- On July 4, 2014, President Barack Obama delivered this speech to members of the U.S. military at the White House.
- And on July 5, 1926, President Calvin Coolidge, who was not a accomplished a speaker as any of those three men who succeeded but who had his moments of inspiration, delivered this speech, in which he said,
“About the Declaration there is a finality that is exceedingly restful. It is often asserted that the world has made a great deal of progress since 1776, that we have had new thoughts and new experiences which have given us a great advance over the people of that day, and that we may therefore very well discard their conclusions for something more modern. But that reasoning can not be applied to this great charter. If all men are created equal, that is final. If they are endowed with inalienable rights, that is final. If governments derive their just powers from the consent of the governed, that is final. No advance, no progress can be made beyond these propositions. If anyone wishes to deny their truth or their soundness, the only direction in which he can proceed historically is not forward, but backward toward the time when there was no equality, no rights of the individual, no rule of the people. Those who wish to proceed in that direction can not lay claim to progress. They are reactionary. Their ideas are not more modern, but more ancient, than those of the Revolutionary fathers….
Under a system of popular government there will always be those who will seek for political preferment by clamoring for reform. While there is very little of this which is not sincere, there is a large portion that is not well informed. In my opinion very little of just criticism can attach to the theories and principles of our institutions. There is far more danger of harm than there is hope of good in any radical changes. We do need a better understanding and comprehension of them and a better knowledge of the foundations of government in general.
5. We can hope that this we’ll be able to look back on all of this as temporary insanity, and not as a defense for murdering democracy, liberty, and free speech.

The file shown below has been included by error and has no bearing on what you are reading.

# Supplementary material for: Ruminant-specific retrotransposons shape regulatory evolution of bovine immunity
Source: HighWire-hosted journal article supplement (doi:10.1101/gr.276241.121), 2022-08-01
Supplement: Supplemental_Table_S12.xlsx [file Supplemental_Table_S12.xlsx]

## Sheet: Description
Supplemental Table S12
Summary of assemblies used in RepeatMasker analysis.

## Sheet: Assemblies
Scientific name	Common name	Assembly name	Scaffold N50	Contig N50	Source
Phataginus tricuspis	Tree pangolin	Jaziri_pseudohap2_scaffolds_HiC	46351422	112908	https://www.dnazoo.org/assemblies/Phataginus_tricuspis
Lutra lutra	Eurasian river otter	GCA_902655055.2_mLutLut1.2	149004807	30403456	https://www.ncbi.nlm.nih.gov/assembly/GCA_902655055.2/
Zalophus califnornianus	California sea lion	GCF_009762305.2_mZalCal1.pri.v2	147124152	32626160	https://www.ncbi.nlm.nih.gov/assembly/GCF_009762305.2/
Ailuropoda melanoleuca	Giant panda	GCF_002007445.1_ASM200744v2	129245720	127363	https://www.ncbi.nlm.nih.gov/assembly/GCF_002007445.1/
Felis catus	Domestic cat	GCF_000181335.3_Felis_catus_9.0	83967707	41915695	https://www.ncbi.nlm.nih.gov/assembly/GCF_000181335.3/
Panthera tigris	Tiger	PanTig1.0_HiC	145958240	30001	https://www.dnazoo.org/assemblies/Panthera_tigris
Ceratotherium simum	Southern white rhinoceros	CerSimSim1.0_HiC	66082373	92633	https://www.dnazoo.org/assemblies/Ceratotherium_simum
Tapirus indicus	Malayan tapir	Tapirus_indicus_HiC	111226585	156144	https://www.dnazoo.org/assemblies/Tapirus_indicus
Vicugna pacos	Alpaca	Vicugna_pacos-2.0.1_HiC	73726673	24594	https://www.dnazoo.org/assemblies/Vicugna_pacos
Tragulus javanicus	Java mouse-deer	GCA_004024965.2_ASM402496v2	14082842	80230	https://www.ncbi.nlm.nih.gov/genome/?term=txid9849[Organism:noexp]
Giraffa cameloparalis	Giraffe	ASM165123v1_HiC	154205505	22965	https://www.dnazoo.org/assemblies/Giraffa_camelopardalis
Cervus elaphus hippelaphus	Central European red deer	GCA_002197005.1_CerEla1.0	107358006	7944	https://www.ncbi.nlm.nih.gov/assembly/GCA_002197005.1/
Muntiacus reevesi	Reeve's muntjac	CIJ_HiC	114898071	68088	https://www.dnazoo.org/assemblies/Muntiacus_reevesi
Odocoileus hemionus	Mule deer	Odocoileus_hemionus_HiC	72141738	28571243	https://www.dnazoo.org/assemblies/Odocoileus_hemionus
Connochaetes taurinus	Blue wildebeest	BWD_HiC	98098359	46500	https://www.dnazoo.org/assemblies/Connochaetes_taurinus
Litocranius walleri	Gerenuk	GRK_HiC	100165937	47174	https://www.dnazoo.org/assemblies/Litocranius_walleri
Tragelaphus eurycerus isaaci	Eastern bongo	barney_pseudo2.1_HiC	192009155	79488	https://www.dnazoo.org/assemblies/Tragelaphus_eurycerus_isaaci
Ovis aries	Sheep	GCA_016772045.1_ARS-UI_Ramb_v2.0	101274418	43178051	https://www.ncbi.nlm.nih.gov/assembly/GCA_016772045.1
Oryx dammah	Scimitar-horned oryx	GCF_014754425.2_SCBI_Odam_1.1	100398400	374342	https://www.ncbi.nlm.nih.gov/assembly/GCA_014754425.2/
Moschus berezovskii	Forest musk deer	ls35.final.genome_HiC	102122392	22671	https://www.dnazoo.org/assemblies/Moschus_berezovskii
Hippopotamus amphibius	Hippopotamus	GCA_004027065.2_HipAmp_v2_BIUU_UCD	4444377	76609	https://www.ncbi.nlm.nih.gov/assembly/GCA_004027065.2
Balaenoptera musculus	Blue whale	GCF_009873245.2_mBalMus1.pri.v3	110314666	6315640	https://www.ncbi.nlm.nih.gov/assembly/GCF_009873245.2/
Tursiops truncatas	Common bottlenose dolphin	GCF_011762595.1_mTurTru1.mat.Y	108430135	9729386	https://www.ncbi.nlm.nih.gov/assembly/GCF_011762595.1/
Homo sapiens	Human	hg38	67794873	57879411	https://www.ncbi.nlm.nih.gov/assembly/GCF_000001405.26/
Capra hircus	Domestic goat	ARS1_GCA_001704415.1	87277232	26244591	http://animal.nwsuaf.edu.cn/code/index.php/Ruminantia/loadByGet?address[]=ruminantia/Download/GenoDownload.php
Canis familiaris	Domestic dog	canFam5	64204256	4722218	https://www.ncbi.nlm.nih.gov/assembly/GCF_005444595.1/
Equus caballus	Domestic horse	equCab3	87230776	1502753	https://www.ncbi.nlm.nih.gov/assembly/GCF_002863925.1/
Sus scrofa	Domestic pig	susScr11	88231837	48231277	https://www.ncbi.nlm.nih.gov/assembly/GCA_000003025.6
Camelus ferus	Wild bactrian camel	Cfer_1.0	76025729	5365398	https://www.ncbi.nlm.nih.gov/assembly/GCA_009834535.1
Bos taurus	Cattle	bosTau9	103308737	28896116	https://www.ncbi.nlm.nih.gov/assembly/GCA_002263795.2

- As an Orwellian language remedy to thought crime, Twitter Engineering last week announced that “whitelist” and “blacklist” will change to “allowlist” and “denylist,” respectively. Here is the whole list of Twitter wrongspeak:
- The Cleveland Indians and the Washington Redskins are finally knuckling under and agreeing to change their names, brands and promotion, pointlessly addressing a contrived offense that about 90% of Native Americans couldn’t care less about, essentially because both teams’ management are cowardly.
Since the BLM mob is demanding it, the teams are terrified of being metaphorically guillotined as racists. As a direct result, we will now see every reference to Native Americans in marketing, entertainment, sports and popular culture vanish.
- Cancel Culture Insanity of the Day: Boeing’s communications chief Neil Golightly resigned last week, following an employee’s complaint over an article the former U.S. military pilot wrote 33 years ago arguing women should not serve in combat. “My article was a 29-year-old Cold War navy pilot’s misguided contribution to a debate that was live at the time,” Golightly said in his apology. “My argument was embarrassingly wrong and offensive. The dialogue that followed its publication 33 years ago quickly opened my eyes, indelibly changed my mind, and shaped the principles of fairness, inclusion, respect, and diversity that have guided my professional life since,” Golightly added. “The article is not a reflection of who I am, but nonetheless, I have decided that in the interest of the company I will step down.”
He’s a coward too. When executives and others allow malign individuals to successfully weaponize ancient opinions, jokes or statements, they undermine freedom of thought and expression while empowering bullies and censors.
And on those depressing notes,